Bausch & Lomb Optical Company, Rochester, New York              1893 - 1902



                                     Henry Clay Stereoscopic Camera


Bausch & Lomb's Stereoscopic Shutter is seen as early as 1893 in Rochester Camera Manufacturing Company's May, 1893 Photographic Apparatus catalogue, offered on the Rochester 5x7 Folding's Stereoscopic version:



      From Rochester Camera Manufacturing Company's May, 1893 Photographic Apparatus catalogue


Reference to the Stereoscopic Shutter is also seen in Bausch & Lomb's Catalogue of Photographic Lenses, Shutters, Prisms for June,1894, as well as in The Kodak Manual for the No. 5 Folding Kodak, also dated June,1894.


The Stereoscopic Shutter is often incorrectly referred to by collectors as a "Stereo Iris Diaphragm", no doubt due to the use of the same speed dial, valves and external linkage found on Bausch & Lomb's Iris Diaphragm. Even an advertisement for the Stereo Montauk in Gennert's 1900 catalogue mistakenly referred to it as a "Bausch & Lomb Diaphragm Shutter". 

However, the Iris Diaphragm's 8-pivoted blade integrated shutter and iris configuration, had now been replaced with a 2-blade shutter and an independent iris control on the Stereoscopic.  Per Bausch & Lomb's June,1894 catalogue, the shutter blades were available in at least two forms:  A - blades with a diamond shape forming a square opening, and B - blades that opened with a horizontal parallel opening over the entire diameter.  Unless specified, form A was standard. The shutter had a capability of speeds between 1/100th of a second and three seconds, and could be released manually or pneumatically with a bulb.


There were two versions of the shutter, which I've designated as the Original Model and the Improved Model.  The Original Model from 1893-1900 was equipped with separate wheel stops for each lens, each requiring individual adjustment.

By 1900, an engraving for the Ray Stereo Camera and an engraving for the Stereoscopic Premo in the Sweet, Wallach & Company catalogue for 1901, are both shown equipped with the Improved Model Stereoscopic.  This Improved Model now had apertures that were linked through a single sliding lever on the shutter's face, permitting both to be adjusted simultaneously.  If engravings are any indicator, the changeover occurred about 1900, and by 1902 the Stereoscopic seems to make its last appearance in camera manufacturer and photographic supplier catalogues. However, as has been experienced with some cameras and shutters of the 1890's, engravings were not always updated. As such, the transition to the single lever aperture control may have occurred prior to 1900.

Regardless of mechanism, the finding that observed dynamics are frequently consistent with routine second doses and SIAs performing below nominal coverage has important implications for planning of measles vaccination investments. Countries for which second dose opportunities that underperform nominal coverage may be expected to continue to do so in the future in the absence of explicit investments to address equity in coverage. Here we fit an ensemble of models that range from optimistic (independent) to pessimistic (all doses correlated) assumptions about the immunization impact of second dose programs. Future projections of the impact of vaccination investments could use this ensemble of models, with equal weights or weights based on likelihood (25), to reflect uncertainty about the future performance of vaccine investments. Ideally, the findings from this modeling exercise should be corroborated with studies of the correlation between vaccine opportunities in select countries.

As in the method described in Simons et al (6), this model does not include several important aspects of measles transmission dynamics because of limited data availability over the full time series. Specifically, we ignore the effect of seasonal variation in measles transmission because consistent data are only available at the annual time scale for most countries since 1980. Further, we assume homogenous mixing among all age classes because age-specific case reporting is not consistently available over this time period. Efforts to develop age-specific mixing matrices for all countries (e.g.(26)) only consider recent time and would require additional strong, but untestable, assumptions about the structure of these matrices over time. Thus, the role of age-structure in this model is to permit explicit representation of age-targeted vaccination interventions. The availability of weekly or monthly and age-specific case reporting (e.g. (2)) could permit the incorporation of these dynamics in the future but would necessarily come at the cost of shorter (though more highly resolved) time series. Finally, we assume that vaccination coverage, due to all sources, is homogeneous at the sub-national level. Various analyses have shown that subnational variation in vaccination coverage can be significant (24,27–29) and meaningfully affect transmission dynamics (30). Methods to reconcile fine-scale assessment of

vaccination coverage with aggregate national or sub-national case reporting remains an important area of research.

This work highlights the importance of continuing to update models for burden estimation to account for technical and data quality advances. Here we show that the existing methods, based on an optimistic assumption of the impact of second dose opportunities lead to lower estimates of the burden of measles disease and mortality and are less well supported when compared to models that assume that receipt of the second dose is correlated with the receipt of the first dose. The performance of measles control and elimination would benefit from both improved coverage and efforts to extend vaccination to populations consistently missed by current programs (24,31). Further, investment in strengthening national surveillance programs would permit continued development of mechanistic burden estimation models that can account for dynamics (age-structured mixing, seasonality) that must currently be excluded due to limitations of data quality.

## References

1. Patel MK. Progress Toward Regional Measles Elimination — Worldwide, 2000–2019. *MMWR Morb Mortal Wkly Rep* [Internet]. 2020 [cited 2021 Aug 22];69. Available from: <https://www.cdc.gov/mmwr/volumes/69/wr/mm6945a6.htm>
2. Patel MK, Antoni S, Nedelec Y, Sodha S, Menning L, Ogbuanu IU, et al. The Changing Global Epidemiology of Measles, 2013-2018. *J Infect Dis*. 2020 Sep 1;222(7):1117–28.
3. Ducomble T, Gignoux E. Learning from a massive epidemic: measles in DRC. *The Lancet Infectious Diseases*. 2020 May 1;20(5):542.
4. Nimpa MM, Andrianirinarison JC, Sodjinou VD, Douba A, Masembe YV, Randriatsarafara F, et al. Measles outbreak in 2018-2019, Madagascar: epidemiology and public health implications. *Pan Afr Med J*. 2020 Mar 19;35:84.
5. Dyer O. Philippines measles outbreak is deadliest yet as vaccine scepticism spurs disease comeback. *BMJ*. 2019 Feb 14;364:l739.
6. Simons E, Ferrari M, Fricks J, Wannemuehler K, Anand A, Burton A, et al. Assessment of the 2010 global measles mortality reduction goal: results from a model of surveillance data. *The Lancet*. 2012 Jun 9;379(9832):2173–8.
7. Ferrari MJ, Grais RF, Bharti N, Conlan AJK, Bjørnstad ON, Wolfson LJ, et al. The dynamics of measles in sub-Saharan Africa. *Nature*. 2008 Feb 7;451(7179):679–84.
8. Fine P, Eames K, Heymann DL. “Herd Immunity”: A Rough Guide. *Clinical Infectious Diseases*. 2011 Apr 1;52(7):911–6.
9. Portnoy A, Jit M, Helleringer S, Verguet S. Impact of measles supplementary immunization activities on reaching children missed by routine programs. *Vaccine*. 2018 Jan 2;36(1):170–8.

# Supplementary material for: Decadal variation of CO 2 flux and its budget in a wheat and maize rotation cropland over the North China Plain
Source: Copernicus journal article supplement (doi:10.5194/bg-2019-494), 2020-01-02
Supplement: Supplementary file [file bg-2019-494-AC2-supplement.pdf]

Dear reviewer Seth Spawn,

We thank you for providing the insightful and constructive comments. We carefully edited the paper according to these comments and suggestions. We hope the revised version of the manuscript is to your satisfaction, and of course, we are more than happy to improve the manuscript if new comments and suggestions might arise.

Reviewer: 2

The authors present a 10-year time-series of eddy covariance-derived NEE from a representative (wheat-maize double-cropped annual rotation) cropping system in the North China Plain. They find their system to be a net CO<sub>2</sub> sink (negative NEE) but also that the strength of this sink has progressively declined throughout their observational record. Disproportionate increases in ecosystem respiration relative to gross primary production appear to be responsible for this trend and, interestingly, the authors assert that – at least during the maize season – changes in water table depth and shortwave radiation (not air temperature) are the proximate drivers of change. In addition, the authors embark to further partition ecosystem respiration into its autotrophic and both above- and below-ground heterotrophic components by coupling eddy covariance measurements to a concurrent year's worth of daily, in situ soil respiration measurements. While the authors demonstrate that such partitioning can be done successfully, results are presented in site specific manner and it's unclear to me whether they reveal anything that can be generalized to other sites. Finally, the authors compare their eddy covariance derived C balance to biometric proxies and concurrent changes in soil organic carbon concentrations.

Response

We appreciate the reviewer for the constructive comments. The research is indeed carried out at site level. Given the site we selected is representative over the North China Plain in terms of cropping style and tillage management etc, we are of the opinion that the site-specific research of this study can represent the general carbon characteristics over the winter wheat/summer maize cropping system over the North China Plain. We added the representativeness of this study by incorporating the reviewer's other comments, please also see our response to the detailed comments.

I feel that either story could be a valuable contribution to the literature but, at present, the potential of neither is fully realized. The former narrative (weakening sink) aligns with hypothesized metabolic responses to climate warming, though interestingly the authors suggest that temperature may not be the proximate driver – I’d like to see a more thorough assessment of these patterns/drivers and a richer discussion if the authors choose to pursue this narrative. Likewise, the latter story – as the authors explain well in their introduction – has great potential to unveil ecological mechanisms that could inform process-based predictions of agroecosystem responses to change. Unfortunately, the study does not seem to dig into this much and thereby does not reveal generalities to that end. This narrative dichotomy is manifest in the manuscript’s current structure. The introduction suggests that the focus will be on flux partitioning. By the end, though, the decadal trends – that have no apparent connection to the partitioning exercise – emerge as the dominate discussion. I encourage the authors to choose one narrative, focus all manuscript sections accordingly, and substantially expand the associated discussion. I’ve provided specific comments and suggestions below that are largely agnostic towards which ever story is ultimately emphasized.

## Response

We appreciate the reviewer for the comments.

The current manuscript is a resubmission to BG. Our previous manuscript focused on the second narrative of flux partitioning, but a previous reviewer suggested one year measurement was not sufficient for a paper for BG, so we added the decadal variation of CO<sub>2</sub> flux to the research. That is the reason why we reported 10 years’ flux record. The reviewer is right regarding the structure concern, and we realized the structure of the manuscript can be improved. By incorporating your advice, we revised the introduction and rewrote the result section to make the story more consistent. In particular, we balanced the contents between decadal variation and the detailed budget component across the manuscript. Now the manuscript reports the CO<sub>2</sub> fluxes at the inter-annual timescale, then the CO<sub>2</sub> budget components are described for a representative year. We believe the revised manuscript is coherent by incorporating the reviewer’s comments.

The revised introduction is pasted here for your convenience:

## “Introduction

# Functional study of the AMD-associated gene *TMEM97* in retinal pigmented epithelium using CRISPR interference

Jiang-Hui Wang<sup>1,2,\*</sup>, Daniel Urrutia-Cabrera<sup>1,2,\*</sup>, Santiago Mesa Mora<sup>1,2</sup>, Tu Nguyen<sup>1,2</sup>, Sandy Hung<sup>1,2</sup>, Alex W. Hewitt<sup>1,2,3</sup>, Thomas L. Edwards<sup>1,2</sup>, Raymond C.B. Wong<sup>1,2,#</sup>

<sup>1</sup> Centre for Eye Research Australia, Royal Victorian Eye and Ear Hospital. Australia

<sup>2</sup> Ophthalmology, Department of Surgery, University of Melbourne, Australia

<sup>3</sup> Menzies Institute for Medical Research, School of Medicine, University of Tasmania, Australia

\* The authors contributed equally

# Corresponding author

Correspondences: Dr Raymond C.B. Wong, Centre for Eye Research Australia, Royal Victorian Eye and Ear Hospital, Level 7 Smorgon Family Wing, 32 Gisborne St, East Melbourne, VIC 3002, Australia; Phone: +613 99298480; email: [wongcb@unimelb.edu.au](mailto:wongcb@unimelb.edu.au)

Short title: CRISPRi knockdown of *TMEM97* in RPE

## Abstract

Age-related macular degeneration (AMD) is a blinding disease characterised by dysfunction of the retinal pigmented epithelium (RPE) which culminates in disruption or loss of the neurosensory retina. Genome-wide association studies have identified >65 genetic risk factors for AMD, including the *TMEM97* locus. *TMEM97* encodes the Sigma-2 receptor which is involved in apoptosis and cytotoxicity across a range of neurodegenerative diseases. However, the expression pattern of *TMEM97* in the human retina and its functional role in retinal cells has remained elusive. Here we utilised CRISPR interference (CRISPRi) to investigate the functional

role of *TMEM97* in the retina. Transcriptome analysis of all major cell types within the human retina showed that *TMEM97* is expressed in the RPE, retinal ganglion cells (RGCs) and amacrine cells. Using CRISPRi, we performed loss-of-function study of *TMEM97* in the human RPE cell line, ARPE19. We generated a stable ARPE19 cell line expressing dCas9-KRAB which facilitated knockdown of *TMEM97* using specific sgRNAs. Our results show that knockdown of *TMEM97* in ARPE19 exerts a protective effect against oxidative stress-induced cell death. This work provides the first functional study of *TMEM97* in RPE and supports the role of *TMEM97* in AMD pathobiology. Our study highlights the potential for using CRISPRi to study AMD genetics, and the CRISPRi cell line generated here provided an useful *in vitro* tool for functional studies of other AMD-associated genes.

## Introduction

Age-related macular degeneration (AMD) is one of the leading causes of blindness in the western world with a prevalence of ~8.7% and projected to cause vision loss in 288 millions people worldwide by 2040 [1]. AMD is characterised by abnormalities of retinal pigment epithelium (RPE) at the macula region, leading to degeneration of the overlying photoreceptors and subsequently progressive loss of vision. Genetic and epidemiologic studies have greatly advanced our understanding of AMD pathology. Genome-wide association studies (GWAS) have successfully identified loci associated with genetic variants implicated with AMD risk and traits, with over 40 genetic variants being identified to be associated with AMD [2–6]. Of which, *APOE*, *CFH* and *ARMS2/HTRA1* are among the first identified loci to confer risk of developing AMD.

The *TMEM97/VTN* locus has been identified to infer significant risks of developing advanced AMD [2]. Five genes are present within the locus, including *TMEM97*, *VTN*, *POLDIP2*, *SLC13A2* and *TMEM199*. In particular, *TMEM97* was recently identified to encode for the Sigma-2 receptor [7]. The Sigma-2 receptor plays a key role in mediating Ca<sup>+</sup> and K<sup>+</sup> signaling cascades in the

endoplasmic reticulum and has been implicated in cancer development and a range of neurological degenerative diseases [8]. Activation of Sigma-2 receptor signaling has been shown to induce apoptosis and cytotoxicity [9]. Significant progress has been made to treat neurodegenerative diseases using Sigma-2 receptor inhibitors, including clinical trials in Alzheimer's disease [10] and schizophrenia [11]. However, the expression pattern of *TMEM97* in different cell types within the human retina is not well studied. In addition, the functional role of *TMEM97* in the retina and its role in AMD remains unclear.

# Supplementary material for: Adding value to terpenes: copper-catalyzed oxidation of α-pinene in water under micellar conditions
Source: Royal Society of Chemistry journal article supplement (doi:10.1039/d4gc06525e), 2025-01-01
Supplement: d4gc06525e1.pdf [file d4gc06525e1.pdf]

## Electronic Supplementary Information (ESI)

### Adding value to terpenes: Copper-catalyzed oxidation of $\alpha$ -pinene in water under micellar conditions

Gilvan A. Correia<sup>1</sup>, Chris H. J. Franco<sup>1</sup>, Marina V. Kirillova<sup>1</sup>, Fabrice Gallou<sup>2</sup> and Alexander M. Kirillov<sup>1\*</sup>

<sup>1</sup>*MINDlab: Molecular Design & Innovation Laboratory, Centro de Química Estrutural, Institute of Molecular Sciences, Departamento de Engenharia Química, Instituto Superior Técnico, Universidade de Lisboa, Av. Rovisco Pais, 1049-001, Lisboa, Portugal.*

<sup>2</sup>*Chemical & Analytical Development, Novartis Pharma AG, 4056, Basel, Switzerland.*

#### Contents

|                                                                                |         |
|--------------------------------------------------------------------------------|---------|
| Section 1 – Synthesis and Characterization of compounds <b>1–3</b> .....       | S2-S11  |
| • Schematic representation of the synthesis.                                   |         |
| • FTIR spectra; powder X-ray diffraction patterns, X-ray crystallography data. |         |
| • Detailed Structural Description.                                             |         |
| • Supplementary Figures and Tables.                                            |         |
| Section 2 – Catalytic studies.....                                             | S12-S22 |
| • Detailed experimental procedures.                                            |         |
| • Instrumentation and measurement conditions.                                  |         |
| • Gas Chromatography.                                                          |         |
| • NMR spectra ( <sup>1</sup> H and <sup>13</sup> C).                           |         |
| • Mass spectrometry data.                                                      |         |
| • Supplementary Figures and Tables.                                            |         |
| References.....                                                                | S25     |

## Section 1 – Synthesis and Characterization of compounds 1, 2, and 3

At least three patterned finishes are known, and there are probably variations, even to these.  The three basic patterns are:  engine-turned, mottled and scarified-line:



            Improved Model Stereoscopic with engine-turned pattern    




                    Improved Model Stereoscopic with mottled pattern    





                         Original Model Stereoscopic with scarified-line pattern 




                            Improved Model Stereoscopic with scarified-line pattern 



All three patterns have been found on the Improved Model, and the scarified-line has been seen on the Original Model, at least.  The scarified-line pattern seems most similar to the engraving in Bauch & Lomb's 1894 catalogue, and based on the majority of Original Models I've seen, this pattern seems to dominate.  Conceivably, aluminum versions of the Stereoscopic could exist, since Bausch & Lomb's Iris Diaphragm had been produced in aluminum as early as 1893. 

Serial numbers on the earliest versions appear as an engraving on the face (No.'s 52 and 92 have been seen on EBay, engraved in this fashion), whereas later versions contain the serial number on a separate plate affixed to the front. The Stereoscopic was offered as standard equipment on the Henry Clay Stereoscopic models of 1898-1899, the Stereo Montauk of 1900, and can be found on other stereo cameras of the mid-to-late 1890's.


Coveted by collectors, the Stereoscopic is truly one of Bausch & Lomb's most beautiful and enduring products.



         From Scovill's The American Annual of Photography and Photographic Times Almanac for 1899